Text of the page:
Friday, July 16, 1999

Truckers battle for rest area parking




BY JANET C. WETZEL
The Cincinnati Enquirer

        MONROE — As the shadows of twilight settle over the rest areas on Interstate 75 near Monroe, tractor-trailer rigs swoop in on parking spots like hawks pouncing on prey.

        They fill every spot in the rest areas, every available foot of the entrance and exit ramps, and spill onto the highway — north- and southbound.

        The scene is all too common, said truckers who stopped at the I-75 rest areas in Monroe this week. The problem is particularly acute in the evening, when weary drivers are searching for a handy, safe, inexpensive place to rest.

        “When truckers get tired, get drowsy, they don't need to be driving these big rigs down the road, taking a long time to search for a place to park,” said trucker Chad Wiatrek, of Stockdale, Texas.

        Officials say the overflow of truckers from the rest areas can be dangerous to other motorists, especially if the semis are not completely off the highway. There are no easy fixes, but the Ohio Department of Transportation (ODOT) will triple the spaces at the Monroe rest areas.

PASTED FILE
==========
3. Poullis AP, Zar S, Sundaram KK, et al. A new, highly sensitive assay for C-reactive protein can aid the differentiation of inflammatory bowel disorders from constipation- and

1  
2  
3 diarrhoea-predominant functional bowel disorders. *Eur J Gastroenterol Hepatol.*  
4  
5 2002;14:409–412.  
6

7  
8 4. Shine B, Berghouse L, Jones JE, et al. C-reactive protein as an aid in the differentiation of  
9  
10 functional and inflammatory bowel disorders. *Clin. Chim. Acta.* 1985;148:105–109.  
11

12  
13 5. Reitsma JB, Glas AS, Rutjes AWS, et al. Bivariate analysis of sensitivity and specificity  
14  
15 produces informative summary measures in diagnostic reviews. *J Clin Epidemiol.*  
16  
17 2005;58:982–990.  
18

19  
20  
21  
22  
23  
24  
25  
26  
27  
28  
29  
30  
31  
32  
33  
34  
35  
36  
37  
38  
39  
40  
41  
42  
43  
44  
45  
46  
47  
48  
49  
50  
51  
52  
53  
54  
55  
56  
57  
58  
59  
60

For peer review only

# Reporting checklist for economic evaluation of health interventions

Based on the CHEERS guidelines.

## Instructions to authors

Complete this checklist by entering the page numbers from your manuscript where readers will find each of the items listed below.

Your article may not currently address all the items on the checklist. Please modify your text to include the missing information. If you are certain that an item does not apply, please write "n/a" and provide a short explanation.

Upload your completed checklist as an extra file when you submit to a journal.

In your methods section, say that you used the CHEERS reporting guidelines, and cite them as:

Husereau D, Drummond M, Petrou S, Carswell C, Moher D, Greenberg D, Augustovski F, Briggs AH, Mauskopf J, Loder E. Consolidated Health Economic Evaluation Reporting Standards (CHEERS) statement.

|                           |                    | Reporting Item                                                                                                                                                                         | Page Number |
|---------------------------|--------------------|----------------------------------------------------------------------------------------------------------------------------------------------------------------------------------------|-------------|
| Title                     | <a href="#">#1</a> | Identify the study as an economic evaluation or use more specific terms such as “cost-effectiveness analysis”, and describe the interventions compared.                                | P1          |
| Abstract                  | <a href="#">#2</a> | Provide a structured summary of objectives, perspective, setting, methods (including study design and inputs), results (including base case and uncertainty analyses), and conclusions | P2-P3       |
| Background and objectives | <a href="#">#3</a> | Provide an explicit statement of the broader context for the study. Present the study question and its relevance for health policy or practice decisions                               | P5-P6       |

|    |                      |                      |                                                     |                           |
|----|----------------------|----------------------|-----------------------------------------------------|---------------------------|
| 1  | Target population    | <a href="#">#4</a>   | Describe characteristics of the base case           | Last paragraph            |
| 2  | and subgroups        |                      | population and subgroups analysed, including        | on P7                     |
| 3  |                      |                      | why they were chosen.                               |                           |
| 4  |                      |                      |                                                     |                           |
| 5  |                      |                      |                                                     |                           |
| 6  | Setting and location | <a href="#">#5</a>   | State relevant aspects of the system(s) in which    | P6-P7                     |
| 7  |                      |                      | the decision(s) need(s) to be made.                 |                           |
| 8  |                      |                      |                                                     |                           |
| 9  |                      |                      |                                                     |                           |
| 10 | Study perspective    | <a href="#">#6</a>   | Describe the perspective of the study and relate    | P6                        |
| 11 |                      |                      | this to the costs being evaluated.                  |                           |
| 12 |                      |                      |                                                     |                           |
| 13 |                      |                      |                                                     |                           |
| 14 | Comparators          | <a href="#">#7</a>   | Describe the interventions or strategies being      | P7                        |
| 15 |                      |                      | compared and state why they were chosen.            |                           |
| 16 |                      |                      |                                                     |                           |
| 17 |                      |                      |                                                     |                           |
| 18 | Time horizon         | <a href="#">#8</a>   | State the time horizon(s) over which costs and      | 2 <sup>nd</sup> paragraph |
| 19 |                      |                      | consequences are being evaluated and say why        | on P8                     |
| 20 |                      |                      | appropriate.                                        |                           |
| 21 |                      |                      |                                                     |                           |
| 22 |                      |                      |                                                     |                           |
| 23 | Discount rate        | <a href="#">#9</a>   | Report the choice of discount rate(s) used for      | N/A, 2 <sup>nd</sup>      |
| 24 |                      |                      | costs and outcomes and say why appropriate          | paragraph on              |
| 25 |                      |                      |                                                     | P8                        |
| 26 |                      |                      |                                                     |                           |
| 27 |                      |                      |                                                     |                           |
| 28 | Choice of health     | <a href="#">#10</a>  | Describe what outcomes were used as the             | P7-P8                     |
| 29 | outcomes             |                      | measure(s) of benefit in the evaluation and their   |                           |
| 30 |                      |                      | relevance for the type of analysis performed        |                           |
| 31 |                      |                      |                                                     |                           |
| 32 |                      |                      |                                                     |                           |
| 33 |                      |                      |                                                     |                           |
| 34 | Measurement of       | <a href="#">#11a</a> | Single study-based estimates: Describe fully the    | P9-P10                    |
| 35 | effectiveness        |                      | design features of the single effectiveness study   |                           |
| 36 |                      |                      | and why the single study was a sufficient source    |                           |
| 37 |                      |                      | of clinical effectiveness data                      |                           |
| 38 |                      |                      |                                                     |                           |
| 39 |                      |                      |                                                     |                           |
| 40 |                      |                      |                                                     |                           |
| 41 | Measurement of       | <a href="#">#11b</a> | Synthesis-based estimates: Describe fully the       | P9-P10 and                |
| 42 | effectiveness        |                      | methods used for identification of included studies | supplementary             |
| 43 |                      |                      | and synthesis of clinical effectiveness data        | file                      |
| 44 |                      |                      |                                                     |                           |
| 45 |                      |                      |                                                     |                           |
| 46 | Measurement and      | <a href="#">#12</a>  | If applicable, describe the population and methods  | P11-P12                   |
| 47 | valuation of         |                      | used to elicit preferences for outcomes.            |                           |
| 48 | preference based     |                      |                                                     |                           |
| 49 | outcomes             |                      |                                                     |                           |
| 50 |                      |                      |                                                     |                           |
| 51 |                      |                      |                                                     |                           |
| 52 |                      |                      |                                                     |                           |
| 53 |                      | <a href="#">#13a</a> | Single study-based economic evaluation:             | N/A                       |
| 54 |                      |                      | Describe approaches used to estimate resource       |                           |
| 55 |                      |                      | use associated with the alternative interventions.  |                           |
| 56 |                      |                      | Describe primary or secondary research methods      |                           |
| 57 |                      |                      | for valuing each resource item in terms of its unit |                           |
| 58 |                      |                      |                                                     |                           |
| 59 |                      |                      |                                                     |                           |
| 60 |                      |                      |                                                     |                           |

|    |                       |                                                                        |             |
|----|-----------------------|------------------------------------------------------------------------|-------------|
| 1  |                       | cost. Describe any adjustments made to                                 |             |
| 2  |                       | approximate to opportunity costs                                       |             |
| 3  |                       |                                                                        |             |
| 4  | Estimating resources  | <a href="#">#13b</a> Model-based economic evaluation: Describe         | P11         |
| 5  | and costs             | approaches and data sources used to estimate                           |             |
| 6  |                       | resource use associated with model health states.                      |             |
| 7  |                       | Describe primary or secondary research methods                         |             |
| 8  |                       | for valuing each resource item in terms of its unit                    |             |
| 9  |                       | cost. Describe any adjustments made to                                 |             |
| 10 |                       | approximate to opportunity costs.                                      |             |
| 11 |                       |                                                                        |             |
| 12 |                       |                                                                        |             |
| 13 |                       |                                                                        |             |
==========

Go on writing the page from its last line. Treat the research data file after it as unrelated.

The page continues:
But the rest areas will be closed during the six-month construction, tentatively set to begin Dec. 1.

        The parking upgrade was planned months ago, and had nothing to do with a crash last month that took the life of Terry Beagle, of Batavia. He was killed when he ran off the highway and into a semi parked along the roadway near the rest area in Monroe.

        ODOT does not track how many truckers use the rest stops, but 1997 traffic counts show that the area in Monroe is heavily traveled, she said.

        “The bottom line is there aren't enough places for truckers to park, and it is a safety concern,” said Lt. Tim Bally, of the Ohio State Highway Patrol's Hamilton Post. “If they're able to get within the ramp going into or out of the rest area, we don't say too much about that. But where we get really concerned is when they're backing up onto the main part of the highway. That's more dangerous because people are driving at higher speeds.

        “We understand the problems of the truckers — they have to have some place to park. But we also have to worry about the rest of the motoring public,” Lt. Bally said. Troopers usually issue warnings instead of citations when truckers made every effort to park safely.

       



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